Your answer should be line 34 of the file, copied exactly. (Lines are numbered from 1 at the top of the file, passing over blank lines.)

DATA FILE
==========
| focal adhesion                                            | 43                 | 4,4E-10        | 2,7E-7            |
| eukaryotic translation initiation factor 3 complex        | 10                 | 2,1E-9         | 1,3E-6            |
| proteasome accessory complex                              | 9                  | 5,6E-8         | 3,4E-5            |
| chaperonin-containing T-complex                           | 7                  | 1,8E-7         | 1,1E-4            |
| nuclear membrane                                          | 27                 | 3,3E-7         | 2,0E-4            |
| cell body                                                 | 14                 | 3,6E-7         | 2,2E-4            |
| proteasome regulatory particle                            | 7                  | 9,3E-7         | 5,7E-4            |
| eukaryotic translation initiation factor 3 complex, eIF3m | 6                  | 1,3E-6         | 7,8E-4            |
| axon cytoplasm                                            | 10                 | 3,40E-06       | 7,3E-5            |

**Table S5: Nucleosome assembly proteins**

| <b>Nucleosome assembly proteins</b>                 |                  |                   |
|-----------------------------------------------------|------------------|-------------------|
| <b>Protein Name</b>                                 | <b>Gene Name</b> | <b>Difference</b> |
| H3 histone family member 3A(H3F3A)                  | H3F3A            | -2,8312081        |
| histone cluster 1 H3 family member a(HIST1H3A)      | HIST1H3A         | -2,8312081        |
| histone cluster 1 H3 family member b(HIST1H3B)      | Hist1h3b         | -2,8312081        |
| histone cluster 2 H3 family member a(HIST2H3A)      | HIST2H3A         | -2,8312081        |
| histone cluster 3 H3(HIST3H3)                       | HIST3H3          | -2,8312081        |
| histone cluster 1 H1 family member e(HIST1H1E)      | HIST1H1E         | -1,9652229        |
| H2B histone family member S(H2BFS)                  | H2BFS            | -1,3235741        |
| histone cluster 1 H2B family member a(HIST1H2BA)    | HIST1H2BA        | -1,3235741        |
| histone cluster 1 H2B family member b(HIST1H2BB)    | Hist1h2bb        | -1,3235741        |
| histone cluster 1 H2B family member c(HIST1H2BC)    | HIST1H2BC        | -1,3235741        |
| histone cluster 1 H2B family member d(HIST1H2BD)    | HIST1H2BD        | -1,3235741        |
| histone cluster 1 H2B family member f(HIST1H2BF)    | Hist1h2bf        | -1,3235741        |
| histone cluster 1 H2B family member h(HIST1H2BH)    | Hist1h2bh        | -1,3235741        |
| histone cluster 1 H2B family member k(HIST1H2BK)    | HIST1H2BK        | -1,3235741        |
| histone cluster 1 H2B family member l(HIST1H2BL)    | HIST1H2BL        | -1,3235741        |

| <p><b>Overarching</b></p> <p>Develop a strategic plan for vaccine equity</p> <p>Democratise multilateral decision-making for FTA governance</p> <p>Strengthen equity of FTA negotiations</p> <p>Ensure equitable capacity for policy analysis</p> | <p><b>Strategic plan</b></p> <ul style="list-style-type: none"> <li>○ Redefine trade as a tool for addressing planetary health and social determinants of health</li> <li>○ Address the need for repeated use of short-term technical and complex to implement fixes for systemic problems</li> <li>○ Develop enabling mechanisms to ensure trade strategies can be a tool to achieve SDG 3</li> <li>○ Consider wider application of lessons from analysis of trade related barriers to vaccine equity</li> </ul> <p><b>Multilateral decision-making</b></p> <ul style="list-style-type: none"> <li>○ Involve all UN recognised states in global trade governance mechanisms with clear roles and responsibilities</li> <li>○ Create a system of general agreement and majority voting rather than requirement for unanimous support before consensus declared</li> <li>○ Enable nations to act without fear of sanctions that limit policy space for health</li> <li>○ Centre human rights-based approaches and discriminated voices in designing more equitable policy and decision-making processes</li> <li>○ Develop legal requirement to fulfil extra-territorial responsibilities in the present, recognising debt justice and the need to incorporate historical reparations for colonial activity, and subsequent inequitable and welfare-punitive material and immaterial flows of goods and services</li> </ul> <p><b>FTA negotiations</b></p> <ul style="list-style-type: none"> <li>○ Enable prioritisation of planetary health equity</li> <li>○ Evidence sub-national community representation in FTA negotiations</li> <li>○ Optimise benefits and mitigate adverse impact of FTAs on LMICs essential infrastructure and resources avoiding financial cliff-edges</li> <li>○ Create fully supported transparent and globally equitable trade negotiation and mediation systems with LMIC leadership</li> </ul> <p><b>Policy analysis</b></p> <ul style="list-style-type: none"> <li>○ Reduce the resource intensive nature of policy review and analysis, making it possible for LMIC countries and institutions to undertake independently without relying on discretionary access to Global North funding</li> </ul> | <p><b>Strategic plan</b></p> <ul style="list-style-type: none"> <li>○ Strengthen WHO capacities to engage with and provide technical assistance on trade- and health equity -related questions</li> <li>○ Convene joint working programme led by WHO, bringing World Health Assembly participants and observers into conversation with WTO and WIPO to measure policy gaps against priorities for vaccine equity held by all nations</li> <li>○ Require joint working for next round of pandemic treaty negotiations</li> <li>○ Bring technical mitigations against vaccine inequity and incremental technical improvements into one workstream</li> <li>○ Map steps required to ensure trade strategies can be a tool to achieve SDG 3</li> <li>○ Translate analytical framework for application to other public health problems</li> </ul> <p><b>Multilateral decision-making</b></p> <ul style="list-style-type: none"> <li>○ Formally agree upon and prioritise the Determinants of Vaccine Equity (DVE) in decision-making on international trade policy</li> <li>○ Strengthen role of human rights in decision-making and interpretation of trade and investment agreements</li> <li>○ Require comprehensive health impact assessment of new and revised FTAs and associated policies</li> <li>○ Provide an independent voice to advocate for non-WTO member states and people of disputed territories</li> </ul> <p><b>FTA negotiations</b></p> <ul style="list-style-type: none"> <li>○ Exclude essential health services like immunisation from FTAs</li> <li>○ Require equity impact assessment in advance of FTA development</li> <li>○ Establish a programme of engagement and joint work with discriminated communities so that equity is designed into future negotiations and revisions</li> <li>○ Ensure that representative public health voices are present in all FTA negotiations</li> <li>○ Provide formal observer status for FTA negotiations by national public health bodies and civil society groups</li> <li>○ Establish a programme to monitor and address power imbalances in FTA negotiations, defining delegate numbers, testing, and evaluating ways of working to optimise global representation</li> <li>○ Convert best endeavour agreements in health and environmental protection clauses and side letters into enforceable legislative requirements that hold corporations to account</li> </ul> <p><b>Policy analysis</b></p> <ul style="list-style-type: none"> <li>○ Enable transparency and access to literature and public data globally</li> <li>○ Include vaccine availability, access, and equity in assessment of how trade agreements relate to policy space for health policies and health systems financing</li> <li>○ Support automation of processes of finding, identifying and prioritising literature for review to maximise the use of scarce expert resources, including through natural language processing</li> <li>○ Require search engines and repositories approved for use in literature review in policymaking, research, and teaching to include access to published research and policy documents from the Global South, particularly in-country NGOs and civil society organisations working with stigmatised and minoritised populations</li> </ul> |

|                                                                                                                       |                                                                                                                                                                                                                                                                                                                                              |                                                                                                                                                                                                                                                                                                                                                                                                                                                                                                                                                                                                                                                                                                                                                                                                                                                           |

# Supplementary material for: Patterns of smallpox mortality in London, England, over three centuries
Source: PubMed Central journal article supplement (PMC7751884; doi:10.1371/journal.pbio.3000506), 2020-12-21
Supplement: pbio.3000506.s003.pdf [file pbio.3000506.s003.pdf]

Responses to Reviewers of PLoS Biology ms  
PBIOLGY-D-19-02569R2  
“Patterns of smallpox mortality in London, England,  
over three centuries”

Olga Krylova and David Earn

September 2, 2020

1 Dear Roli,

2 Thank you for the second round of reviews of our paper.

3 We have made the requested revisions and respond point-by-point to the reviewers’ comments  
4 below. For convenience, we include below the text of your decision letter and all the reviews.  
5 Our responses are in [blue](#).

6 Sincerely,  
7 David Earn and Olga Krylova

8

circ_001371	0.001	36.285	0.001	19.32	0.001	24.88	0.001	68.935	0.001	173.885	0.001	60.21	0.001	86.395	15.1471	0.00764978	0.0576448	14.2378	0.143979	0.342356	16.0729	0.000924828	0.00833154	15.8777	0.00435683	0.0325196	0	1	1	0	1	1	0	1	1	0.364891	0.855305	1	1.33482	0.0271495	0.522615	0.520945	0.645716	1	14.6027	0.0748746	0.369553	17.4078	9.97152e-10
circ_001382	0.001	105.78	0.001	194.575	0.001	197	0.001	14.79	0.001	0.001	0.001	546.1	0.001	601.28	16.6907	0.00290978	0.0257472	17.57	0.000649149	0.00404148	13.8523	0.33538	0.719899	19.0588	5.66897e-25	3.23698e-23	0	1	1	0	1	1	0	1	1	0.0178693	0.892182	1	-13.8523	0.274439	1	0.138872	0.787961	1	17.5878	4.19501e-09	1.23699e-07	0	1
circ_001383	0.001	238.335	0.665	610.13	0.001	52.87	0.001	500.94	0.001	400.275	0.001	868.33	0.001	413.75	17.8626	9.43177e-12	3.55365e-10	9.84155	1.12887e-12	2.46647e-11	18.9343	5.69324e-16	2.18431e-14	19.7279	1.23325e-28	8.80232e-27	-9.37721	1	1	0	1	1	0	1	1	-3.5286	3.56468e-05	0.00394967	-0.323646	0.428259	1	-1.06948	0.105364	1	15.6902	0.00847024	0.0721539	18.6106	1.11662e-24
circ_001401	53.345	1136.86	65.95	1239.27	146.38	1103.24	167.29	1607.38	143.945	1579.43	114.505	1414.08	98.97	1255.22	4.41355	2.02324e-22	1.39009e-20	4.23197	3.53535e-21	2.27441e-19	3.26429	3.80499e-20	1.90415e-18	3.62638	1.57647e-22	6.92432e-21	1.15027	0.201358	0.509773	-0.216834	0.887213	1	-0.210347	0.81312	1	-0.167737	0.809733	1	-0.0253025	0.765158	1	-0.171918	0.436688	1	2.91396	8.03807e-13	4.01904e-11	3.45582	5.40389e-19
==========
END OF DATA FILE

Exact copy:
Responses to Reviewers of PLoS Biology ms  